5.    Model stochastic sentiment score distilled from textual information

Using mixed text sources from professional platforms, blog fora and stock message boards, we distil, via different lexica, sentiment variables along with improved accuracy from the machine learning based methods. The sentiment score quantified by the SVM is driven by stochastic or irregular article posting; it essentially follows a Geometric Brownian motion-like stochastic process with some nice properties embedded. As we know that sentiment is impossible to go infinite (unbounded optimism or pessimism), sentiment in nature will covert to the neutral mood in the long run. We propose the local-momentum autoregression (LM-AR) model developed by Duan (2016) to capture a global mean-reverting to “neutral” but locally driven by momentum (herding effect). The parameters in this model indicate the degree of “herding” in the momentum component and the speed of converting to the neutral mood. Having the parameters estimated, we then simulate the sentiment process and perform the h-period ahead forecast.


6.    Bayesian estimation of macroeconomic models with underlying nonstationarity with higher dimensional data

Macroeconomic variables are hardly distinguishable from nonstationary in a statistical sense, given the low power of available tests and the limited time series data at our disposal. At the same time, detecting nonstationarity in data is an important issue for policymakers and econometricians alike. To overcome low power of conventional analyses, additional information from other datasets may be useful. The presence of latent factors driving fluctuations of a large number of macroeconomic and financial variables suggest that wide, unconventional macro micro datasets could be used fruitfully in conducting inference about economic phenomena, especially structural change. Apparent shifts in the behaviour of households, firms and governments after the Great Recession raise questions about whether structural change has occurred and about the nature and possible long lasting  - if not permanent - effects of structural change. Therefore, dynamic models with latent factors and possible breaks or other forms of nonstationarity are a natural class of model that might address questions surrounding the evolution of economic behaviour during the Great Recession.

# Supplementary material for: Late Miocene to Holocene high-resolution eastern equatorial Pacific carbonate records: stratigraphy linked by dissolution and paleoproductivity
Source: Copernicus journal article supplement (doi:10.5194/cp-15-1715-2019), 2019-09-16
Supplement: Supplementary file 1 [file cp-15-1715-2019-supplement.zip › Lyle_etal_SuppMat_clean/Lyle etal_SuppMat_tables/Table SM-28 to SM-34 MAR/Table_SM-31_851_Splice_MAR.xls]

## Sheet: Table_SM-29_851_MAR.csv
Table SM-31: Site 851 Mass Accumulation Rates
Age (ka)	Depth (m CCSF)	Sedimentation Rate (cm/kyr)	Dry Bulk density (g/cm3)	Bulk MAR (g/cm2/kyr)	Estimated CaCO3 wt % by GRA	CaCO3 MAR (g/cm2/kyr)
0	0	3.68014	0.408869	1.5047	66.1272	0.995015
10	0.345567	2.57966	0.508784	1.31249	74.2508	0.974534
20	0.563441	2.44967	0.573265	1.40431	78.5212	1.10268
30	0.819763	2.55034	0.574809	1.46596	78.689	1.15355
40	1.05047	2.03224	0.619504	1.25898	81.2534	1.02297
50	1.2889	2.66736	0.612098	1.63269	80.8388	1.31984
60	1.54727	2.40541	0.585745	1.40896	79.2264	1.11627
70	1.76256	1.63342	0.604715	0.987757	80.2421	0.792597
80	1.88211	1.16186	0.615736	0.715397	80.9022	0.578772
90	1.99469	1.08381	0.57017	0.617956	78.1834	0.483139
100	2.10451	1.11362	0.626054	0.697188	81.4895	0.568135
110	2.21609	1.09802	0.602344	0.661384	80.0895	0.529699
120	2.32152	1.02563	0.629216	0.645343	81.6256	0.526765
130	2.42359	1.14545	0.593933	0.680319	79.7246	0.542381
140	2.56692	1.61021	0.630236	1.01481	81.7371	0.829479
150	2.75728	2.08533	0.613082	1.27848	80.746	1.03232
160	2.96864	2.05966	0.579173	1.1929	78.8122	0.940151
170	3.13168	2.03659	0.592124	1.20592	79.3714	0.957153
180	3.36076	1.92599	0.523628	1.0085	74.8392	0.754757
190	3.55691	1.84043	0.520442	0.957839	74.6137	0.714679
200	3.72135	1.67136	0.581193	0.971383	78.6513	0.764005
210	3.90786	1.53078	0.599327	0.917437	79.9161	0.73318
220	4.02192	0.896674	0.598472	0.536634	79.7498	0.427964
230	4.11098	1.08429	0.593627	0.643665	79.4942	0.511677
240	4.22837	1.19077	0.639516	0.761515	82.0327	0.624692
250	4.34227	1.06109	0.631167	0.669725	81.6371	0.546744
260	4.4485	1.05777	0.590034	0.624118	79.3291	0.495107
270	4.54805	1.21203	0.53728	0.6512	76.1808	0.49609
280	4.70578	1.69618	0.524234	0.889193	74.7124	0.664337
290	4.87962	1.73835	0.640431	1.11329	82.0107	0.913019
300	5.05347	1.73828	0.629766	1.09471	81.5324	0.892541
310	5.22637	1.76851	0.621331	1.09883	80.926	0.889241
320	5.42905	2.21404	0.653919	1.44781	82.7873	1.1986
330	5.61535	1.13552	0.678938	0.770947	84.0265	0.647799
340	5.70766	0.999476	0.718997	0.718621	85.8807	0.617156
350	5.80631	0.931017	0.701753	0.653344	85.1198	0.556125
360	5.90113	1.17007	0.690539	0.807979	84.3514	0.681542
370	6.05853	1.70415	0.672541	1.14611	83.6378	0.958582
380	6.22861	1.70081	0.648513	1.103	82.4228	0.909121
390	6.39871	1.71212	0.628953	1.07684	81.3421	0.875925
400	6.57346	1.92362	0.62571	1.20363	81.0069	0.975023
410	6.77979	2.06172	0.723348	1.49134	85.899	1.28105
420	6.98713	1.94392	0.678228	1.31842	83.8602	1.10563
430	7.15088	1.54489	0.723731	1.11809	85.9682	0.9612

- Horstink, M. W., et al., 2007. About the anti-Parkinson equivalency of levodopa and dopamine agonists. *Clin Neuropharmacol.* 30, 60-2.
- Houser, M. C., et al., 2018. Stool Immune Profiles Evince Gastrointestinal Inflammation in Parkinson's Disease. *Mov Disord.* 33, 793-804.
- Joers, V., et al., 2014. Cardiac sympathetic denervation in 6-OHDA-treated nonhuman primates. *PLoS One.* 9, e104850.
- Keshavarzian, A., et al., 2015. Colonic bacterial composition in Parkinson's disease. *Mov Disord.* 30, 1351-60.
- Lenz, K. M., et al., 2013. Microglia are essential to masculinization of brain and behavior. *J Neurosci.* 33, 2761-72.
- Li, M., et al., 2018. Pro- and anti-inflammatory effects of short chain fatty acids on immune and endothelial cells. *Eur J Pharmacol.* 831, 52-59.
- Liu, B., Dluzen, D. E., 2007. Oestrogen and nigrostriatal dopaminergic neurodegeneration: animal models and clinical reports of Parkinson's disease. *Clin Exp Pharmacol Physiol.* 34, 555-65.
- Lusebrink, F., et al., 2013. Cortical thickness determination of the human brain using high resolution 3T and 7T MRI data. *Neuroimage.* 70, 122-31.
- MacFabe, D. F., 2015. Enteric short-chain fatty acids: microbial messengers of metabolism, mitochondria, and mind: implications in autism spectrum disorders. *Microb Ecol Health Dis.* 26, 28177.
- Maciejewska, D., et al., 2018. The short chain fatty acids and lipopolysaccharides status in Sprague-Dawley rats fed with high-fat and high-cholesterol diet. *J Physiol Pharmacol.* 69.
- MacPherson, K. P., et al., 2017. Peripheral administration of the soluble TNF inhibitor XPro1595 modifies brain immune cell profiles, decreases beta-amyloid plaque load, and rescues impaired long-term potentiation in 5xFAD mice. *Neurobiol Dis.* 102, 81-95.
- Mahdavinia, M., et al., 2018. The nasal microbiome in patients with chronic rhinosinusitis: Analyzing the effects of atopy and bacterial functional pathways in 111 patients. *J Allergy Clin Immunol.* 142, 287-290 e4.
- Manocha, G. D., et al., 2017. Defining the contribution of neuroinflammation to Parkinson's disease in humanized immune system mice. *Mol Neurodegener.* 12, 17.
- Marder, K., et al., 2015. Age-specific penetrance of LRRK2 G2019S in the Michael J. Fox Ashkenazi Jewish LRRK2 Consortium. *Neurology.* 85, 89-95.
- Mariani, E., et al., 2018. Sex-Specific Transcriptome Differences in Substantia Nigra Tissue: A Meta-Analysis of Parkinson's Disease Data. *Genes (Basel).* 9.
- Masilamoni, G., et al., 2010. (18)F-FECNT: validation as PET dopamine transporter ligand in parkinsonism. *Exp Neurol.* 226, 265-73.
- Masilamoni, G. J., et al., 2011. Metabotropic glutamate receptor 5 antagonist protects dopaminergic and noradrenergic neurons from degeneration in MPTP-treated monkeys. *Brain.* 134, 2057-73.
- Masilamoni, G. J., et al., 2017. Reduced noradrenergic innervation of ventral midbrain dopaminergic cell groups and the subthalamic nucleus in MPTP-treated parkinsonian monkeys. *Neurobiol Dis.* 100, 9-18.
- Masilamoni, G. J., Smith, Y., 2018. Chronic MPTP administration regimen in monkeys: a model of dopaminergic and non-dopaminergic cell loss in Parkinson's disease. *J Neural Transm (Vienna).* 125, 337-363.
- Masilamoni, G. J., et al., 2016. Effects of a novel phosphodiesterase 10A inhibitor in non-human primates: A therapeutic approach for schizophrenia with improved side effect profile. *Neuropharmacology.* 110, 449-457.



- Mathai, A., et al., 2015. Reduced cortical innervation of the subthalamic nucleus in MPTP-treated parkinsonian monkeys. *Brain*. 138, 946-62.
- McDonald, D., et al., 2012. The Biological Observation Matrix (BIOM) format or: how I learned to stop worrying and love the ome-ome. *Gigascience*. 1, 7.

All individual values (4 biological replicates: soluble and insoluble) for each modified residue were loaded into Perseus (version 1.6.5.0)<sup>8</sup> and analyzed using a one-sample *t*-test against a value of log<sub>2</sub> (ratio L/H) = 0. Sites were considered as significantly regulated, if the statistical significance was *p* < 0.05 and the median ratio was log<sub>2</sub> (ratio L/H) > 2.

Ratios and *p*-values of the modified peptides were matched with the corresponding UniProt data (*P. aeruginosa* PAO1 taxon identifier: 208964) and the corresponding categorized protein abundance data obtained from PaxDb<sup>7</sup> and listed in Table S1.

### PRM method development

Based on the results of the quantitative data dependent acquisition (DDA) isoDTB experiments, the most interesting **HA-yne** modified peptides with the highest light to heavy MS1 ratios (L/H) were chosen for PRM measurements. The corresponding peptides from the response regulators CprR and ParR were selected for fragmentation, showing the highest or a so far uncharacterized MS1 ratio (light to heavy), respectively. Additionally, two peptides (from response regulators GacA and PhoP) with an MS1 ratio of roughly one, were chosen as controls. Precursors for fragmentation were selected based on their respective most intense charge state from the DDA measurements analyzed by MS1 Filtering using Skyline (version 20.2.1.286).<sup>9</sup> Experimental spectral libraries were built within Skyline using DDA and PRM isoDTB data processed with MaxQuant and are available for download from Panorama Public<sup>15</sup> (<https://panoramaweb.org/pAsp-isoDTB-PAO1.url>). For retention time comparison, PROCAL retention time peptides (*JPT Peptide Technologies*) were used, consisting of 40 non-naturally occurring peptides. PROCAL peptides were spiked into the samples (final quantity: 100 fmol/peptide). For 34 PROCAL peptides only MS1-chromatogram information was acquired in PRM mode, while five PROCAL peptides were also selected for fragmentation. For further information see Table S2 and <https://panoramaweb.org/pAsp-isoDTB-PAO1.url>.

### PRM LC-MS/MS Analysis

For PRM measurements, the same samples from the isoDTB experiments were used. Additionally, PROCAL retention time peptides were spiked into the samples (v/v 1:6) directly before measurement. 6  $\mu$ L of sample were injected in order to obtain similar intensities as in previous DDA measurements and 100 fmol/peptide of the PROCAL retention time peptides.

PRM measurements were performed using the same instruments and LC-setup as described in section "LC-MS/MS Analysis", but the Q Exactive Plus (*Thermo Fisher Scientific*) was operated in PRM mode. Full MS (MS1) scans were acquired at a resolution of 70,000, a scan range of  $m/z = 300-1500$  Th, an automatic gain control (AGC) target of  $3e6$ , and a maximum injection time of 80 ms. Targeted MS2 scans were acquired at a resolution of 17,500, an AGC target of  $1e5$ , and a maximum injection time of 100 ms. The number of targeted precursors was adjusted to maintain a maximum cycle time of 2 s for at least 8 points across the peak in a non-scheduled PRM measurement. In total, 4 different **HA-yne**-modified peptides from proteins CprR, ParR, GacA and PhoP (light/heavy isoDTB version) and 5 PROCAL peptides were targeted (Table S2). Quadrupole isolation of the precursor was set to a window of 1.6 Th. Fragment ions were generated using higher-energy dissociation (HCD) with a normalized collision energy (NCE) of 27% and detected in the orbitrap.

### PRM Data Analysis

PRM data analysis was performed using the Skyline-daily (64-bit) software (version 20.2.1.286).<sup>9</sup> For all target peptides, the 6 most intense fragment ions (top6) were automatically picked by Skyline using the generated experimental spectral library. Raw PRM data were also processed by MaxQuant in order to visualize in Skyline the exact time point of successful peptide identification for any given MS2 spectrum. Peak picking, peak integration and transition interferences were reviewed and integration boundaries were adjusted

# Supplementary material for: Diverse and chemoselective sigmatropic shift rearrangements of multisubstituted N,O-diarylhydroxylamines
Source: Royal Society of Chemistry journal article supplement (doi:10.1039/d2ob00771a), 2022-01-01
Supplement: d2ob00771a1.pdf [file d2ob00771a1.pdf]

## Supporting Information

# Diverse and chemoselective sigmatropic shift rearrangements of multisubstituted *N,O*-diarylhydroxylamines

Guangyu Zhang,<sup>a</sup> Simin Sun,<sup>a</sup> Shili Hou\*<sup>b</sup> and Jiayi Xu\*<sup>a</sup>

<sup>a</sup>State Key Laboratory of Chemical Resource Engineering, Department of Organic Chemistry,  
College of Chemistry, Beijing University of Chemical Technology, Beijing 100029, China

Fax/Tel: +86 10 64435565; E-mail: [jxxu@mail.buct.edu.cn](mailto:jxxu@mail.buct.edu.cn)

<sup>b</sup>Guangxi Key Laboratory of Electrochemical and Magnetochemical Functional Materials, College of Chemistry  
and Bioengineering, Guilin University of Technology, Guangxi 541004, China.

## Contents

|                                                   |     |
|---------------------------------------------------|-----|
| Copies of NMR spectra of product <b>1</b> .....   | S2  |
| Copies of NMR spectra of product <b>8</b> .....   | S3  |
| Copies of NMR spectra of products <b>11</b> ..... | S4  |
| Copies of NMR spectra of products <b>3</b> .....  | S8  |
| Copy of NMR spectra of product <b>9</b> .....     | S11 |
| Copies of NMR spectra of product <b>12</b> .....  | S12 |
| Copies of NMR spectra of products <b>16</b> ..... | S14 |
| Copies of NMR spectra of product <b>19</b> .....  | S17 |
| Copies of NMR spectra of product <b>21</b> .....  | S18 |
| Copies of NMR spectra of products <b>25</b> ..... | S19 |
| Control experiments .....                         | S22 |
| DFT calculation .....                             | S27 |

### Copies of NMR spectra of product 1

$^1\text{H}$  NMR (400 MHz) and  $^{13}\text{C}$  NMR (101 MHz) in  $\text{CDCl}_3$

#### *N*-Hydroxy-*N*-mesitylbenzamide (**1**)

• Cheng X, Liao Z, Schorfheide F (2016) Shrinkage Estimation of High-Dimensional Factor Models with Structural Instabilities. Review of Economic Studies, 83(4), 1511-1543, DOI: https://doi.org/10.1093/restud/rdw005
  • Duan J C (2016) Local-momentum autoregression and the modeling of interest rate term structure. Journal of Econometrics, 194 (2), 349-359, DOI: http://dx.doi.org/10.1016/j.jeconom.2016.05.012.
  • Diebold F X, Yilmaz K (2014) On the Network Topology of Variance Decompositions: Measuring the Connectedness of Financial Firms. Journal of Econometrics, 182(1), 119-134, DOI:        http://dx.doi.org/10.1016/j.jeconom.2014.04.012.